‘Adolescents may be eligible to begin feminizing/masculinizing hormone therapy, preferably with parental consent. In many countries, 16-year-olds are legal adults for medical decision-making and do not require parental consent. Ideally, treatment decisions should be made among the adolescent, the family, and the treatment team. Regimens for hormone therapy in gender dysphoric adolescents differ substantially from those used in adults (Hembree et al., 2009). The hormone regimens for youth are adapted to account for the somatic, emotional, and mental development that occurs throughout adolescence (Hembree et al., 2009)’. Also;
Refusing timely medical interventions for adolescents might prolong gender dysphoria and contribute to an appearance that could provoke abuse and stigmatization. As the level of gender-related abuse is strongly associated with the degree of psychiatric distress during adolescence, withholding puberty suppression and subsequent feminizing or masculinizing hormone therapy is not a neutral option for adolescents’
NHS options (http://www.nhs.uk/Conditions/Gender-dysphoria/Pages/Treatment.aspx)
In addition to the legislation above, there are also clinical guidelines for health professionals that outline what high-quality care for transsexual people should involve.
Such guidelines include:
the WPATH Standards of Care – produced by the World Professional Association for Transgender Health (WPATH)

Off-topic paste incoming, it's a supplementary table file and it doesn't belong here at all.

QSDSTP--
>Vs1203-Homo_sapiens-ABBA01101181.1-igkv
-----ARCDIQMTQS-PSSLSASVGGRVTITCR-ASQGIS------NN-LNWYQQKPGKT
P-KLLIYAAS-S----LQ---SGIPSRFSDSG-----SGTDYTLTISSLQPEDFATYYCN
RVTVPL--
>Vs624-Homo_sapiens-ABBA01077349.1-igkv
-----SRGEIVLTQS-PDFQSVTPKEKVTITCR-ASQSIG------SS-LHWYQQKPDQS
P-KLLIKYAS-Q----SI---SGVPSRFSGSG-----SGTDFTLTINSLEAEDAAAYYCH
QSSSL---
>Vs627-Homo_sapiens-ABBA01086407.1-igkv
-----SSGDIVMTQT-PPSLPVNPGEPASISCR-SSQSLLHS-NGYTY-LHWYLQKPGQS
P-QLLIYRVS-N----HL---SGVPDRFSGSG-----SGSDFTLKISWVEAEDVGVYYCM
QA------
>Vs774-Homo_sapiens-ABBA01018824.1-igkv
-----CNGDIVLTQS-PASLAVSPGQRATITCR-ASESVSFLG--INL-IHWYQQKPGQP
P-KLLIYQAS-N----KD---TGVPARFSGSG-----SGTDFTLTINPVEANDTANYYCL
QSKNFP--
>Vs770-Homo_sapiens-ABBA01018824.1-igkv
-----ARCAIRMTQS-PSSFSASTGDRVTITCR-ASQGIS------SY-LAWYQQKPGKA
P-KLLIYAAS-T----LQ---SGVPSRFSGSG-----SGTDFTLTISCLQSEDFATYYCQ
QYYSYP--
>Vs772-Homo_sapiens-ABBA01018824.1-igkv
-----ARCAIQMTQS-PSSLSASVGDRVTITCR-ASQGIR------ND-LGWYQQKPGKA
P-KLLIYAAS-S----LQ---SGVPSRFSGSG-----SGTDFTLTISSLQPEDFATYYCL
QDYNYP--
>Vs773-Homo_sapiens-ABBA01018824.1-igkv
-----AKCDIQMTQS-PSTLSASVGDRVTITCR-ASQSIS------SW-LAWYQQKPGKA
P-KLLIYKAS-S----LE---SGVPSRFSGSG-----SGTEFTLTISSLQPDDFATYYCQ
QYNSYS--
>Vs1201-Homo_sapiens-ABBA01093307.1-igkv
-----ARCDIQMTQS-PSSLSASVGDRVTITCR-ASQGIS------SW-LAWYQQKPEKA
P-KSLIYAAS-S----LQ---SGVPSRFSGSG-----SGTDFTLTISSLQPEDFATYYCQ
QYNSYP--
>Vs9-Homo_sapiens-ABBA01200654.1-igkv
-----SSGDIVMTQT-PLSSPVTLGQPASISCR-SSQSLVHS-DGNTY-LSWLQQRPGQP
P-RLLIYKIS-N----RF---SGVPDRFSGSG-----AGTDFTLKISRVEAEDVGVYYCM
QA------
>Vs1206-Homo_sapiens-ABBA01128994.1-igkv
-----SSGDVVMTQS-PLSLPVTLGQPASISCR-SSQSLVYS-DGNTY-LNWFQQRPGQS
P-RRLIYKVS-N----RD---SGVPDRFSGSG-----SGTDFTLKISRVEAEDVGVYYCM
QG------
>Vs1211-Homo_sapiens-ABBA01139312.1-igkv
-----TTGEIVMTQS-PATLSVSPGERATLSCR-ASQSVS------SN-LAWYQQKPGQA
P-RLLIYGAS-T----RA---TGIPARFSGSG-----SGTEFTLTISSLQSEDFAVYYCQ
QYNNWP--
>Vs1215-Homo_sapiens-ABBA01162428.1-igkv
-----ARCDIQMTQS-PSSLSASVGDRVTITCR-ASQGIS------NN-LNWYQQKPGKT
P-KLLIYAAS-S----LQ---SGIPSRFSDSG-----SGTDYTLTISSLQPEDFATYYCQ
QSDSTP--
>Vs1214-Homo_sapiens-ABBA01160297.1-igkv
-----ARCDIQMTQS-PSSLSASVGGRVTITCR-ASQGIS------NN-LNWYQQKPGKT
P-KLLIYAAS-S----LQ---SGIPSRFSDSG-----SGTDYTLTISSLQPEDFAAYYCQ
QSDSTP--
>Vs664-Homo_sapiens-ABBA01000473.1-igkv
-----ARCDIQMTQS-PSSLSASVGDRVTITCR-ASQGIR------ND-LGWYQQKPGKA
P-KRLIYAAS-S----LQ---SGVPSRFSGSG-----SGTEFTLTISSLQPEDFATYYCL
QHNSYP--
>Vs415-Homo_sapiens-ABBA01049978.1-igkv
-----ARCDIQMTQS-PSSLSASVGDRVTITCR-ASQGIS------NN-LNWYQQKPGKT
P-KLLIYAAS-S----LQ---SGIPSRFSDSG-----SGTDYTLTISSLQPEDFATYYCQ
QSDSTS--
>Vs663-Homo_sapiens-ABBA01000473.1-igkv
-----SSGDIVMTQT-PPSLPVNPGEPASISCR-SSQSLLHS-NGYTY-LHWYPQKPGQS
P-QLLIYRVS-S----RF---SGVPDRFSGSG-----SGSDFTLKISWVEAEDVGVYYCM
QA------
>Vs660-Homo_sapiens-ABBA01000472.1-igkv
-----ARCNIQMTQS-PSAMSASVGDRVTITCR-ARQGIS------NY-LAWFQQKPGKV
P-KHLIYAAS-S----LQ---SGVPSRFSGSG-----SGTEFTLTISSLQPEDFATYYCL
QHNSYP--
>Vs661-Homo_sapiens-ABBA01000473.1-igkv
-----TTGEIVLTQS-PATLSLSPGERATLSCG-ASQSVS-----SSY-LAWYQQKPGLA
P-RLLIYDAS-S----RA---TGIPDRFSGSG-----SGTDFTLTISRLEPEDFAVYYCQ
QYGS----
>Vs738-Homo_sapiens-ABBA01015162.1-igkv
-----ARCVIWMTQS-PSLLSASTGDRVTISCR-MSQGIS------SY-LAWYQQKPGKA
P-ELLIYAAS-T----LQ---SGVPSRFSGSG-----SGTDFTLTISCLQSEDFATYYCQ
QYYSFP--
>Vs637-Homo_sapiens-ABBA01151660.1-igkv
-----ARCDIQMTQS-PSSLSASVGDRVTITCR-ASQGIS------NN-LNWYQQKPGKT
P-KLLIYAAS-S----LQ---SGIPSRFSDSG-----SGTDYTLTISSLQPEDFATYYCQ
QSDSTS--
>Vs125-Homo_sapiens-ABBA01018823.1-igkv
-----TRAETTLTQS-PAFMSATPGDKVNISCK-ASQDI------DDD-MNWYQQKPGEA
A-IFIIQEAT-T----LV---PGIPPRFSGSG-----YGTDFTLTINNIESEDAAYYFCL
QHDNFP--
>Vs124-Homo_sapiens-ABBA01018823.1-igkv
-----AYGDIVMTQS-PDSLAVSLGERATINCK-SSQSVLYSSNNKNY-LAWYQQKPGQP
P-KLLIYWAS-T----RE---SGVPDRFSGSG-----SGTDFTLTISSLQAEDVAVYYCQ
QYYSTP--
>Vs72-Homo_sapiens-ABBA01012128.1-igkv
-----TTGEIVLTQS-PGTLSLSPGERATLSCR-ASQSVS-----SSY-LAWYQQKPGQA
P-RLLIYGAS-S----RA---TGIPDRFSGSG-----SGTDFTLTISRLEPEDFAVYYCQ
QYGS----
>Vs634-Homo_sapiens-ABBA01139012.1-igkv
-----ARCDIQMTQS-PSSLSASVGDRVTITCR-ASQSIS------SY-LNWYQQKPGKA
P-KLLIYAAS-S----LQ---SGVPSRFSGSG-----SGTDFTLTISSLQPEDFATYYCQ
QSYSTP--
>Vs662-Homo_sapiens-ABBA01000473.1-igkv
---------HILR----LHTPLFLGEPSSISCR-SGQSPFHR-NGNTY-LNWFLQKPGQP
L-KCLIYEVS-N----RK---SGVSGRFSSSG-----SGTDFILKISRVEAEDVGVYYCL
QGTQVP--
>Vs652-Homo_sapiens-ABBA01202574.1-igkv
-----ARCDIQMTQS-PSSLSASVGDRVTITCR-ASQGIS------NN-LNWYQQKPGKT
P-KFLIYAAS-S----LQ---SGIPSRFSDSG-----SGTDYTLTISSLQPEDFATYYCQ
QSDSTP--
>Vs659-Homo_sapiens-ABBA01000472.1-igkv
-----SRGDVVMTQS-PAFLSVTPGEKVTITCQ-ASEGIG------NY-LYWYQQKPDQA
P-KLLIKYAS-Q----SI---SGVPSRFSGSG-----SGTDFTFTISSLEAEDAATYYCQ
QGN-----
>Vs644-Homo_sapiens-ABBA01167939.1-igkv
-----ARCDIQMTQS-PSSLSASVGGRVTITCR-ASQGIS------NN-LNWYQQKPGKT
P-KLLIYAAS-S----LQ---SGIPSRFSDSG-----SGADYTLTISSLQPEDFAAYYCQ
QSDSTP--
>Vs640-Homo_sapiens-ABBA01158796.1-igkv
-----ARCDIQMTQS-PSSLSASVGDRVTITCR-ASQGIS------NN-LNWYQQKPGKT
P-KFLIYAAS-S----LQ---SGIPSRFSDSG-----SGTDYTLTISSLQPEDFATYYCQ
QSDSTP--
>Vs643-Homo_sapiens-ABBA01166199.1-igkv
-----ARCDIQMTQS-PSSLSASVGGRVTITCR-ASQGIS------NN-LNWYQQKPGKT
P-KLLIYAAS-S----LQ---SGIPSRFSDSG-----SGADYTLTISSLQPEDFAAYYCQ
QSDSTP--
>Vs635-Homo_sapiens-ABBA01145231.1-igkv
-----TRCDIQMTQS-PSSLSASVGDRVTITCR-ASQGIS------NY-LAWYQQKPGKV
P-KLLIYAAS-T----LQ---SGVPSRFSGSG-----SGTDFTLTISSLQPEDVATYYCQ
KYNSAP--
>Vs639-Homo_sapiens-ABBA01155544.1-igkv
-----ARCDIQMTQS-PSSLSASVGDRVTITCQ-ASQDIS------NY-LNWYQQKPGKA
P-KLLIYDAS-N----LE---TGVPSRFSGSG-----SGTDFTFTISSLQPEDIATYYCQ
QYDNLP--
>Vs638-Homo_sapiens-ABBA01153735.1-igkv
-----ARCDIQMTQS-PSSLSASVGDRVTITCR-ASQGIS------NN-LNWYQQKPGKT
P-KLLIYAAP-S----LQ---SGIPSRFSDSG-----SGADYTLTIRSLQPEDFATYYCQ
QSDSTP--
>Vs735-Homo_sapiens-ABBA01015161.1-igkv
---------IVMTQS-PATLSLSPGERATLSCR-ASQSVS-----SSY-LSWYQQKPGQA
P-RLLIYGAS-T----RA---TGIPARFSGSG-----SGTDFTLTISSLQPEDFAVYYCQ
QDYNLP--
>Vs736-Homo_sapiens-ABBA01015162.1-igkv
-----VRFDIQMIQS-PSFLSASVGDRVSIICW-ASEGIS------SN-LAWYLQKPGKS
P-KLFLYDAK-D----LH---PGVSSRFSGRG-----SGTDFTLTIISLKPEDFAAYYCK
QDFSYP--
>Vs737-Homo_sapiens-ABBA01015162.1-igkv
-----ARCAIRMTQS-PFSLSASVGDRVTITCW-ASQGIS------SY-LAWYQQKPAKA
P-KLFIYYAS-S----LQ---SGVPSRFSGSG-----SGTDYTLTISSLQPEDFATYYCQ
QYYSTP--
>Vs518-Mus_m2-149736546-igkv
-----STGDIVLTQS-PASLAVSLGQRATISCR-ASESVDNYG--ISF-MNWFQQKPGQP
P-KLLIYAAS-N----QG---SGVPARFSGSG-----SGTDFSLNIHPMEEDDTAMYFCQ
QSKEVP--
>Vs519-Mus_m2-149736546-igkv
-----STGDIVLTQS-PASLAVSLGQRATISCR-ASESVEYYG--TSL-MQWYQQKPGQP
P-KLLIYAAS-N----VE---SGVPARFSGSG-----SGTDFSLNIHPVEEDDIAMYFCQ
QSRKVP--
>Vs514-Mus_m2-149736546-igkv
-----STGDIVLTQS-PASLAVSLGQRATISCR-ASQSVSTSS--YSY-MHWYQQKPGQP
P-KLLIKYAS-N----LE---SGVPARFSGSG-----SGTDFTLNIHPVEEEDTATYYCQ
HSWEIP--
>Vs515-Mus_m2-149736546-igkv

the Good Practice Guidelines for the assessment of adults with Gender Dysphoria (PDF, 611kb) – produced by the Royal College of Psychiatrists
Neither the Royal College of Psychiatrists or WPATH guidelines offer specific advice on treating children with cross sex hormones.
Which guidelines do you follow?
Center of Excellence for Transgender Health
Department of Family & Community Medicine University of California, San Francisco
2nd Edition – Published June 17, 2016
Editor – Madeline B. Deutsch, MD, MPH
Why aren't you registered with the CQC?
As my services are currently provided from mob home in Wales, the CQC registration does not cover this area. I have been told by the CQC that my service does not need to be registered.
What about registration with the Health Inspectorate Wales?
GenderGP started as a simple WordPress blog website for advice for patients and doctors. It very quickly grew as the demand rose and I have now given advice to thousands of people. I first applied for HIW registration in October 2016 but they have still not completed their registration processes.
Recently they have told me that I should no longer provide services and that they are mindful to not approve my application.
As there are a large number of patients relying on my care who can’t get the help they need from anywhere else, and because there is a high incidence of self harm and suicide in this patient group, I am going to transfer the hub of my service to my other residence in Malaga, Spain so that I can continue providing care while the regulatory processes are being sorted out.
Can healthcare be delivered online?
As part of the NHS ‘Five Year Plan’ there are great development plans for using technology to enhance the provision of safer, more accessible healthcare. In the future, this will be mainstream.